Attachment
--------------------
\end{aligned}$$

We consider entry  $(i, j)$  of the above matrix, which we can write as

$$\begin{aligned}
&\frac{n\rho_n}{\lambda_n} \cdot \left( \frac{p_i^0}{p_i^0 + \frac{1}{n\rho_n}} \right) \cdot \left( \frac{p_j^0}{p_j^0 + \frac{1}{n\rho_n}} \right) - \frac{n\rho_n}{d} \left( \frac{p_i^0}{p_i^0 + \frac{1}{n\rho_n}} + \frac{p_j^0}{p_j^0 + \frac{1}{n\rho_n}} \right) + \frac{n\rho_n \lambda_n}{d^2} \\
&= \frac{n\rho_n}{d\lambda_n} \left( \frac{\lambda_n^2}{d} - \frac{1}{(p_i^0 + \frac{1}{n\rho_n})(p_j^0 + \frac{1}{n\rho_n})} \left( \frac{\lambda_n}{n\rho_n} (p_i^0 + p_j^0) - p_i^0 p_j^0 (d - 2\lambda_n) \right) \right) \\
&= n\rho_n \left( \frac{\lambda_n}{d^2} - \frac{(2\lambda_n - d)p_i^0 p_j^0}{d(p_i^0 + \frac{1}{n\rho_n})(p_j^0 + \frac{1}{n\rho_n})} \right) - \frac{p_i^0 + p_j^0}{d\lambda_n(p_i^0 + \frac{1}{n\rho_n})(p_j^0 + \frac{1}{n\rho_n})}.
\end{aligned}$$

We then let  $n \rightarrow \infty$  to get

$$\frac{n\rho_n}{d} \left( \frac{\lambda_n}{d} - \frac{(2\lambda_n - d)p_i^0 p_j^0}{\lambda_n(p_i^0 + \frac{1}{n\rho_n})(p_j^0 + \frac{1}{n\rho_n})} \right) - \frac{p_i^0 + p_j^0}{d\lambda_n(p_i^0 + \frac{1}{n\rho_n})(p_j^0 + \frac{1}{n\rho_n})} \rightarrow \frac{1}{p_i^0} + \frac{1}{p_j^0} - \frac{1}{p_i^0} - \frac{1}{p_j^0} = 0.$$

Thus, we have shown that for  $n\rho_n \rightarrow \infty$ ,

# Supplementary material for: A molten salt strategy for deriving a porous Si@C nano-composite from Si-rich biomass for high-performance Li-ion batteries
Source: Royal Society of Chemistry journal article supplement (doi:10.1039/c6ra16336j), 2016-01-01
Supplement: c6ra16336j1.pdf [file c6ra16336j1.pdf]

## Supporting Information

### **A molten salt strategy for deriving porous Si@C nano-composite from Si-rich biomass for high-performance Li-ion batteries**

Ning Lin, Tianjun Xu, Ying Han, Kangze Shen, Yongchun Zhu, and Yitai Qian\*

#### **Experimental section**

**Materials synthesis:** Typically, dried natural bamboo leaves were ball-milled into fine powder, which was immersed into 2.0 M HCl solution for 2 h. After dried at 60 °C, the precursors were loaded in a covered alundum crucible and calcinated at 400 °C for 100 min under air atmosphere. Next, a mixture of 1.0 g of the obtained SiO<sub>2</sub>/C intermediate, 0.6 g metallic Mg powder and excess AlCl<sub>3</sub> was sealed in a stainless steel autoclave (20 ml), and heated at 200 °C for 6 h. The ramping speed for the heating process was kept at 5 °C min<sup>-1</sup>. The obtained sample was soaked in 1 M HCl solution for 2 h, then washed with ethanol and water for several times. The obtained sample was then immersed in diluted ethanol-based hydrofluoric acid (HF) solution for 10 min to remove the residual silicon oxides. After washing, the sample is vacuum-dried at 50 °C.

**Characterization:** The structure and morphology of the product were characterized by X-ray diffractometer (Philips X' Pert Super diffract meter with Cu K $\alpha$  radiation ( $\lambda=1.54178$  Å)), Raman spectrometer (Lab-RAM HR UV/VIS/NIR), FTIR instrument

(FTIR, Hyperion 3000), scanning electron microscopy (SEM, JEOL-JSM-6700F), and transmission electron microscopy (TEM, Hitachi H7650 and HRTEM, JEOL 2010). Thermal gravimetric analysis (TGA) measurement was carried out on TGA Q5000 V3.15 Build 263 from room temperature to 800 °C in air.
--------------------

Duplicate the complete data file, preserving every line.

\end{aligned}$$

We consider entry  $(i, j)$  of the above matrix, which we can write as

$$\begin{aligned}
&\frac{n\rho_n}{\lambda_n} \cdot \left( \frac{p_i^0}{p_i^0 + \frac{1}{n\rho_n}} \right) \cdot \left( \frac{p_j^0}{p_j^0 + \frac{1}{n\rho_n}} \right) - \frac{n\rho_n}{d} \left( \frac{p_i^0}{p_i^0 + \frac{1}{n\rho_n}} + \frac{p_j^0}{p_j^0 + \frac{1}{n\rho_n}} \right) + \frac{n\rho_n \lambda_n}{d^2} \\
&= \frac{n\rho_n}{d\lambda_n} \left( \frac{\lambda_n^2}{d} - \frac{1}{(p_i^0 + \frac{1}{n\rho_n})(p_j^0 + \frac{1}{n\rho_n})} \left( \frac{\lambda_n}{n\rho_n} (p_i^0 + p_j^0) - p_i^0 p_j^0 (d - 2\lambda_n) \right) \right) \\
&= n\rho_n \left( \frac{\lambda_n}{d^2} - \frac{(2\lambda_n - d)p_i^0 p_j^0}{d(p_i^0 + \frac{1}{n\rho_n})(p_j^0 + \frac{1}{n\rho_n})} \right) - \frac{p_i^0 + p_j^0}{d\lambda_n(p_i^0 + \frac{1}{n\rho_n})(p_j^0 + \frac{1}{n\rho_n})}.
\end{aligned}$$

We then let  $n \rightarrow \infty$  to get

$$\frac{n\rho_n}{d} \left( \frac{\lambda_n}{d} - \frac{(2\lambda_n - d)p_i^0 p_j^0}{\lambda_n(p_i^0 + \frac{1}{n\rho_n})(p_j^0 + \frac{1}{n\rho_n})} \right) - \frac{p_i^0 + p_j^0}{d\lambda_n(p_i^0 + \frac{1}{n\rho_n})(p_j^0 + \frac{1}{n\rho_n})} \rightarrow \frac{1}{p_i^0} + \frac{1}{p_j^0} - \frac{1}{p_i^0} - \frac{1}{p_j^0} = 0.$$

Thus, we have shown that for  $n\rho_n \rightarrow \infty$ ,

# Supplementary material for: A molten salt strategy for deriving a porous Si@C nano-composite from Si-rich biomass for high-performance Li-ion batteries
Source: Royal Society of Chemistry journal article supplement (doi:10.1039/c6ra16336j), 2016-01-01
Supplement: c6ra16336j1.pdf [file c6ra16336j1.pdf]

## Supporting Information

### **A molten salt strategy for deriving porous Si@C nano-composite from Si-rich biomass for high-performance Li-ion batteries**

Ning Lin, Tianjun Xu, Ying Han, Kangze Shen, Yongchun Zhu, and Yitai Qian\*

#### **Experimental section**

**Materials synthesis:** Typically, dried natural bamboo leaves were ball-milled into fine powder, which was immersed into 2.0 M HCl solution for 2 h. After dried at 60 °C, the precursors were loaded in a covered alundum crucible and calcinated at 400 °C for 100 min under air atmosphere. Next, a mixture of 1.0 g of the obtained SiO<sub>2</sub>/C intermediate, 0.6 g metallic Mg powder and excess AlCl<sub>3</sub> was sealed in a stainless steel autoclave (20 ml), and heated at 200 °C for 6 h. The ramping speed for the heating process was kept at 5 °C min<sup>-1</sup>. The obtained sample was soaked in 1 M HCl solution for 2 h, then washed with ethanol and water for several times. The obtained sample was then immersed in diluted ethanol-based hydrofluoric acid (HF) solution for 10 min to remove the residual silicon oxides. After washing, the sample is vacuum-dried at 50 °C.

**Characterization:** The structure and morphology of the product were characterized by X-ray diffractometer (Philips X' Pert Super diffract meter with Cu K $\alpha$  radiation ( $\lambda=1.54178$  Å)), Raman spectrometer (Lab-RAM HR UV/VIS/NIR), FTIR instrument

(FTIR, Hyperion 3000), scanning electron microscopy (SEM, JEOL-JSM-6700F), and transmission electron microscopy (TEM, Hitachi H7650 and HRTEM, JEOL 2010). Thermal gravimetric analysis (TGA) measurement was carried out on TGA Q5000 V3.15 Build 263 from room temperature to 800 °C in air.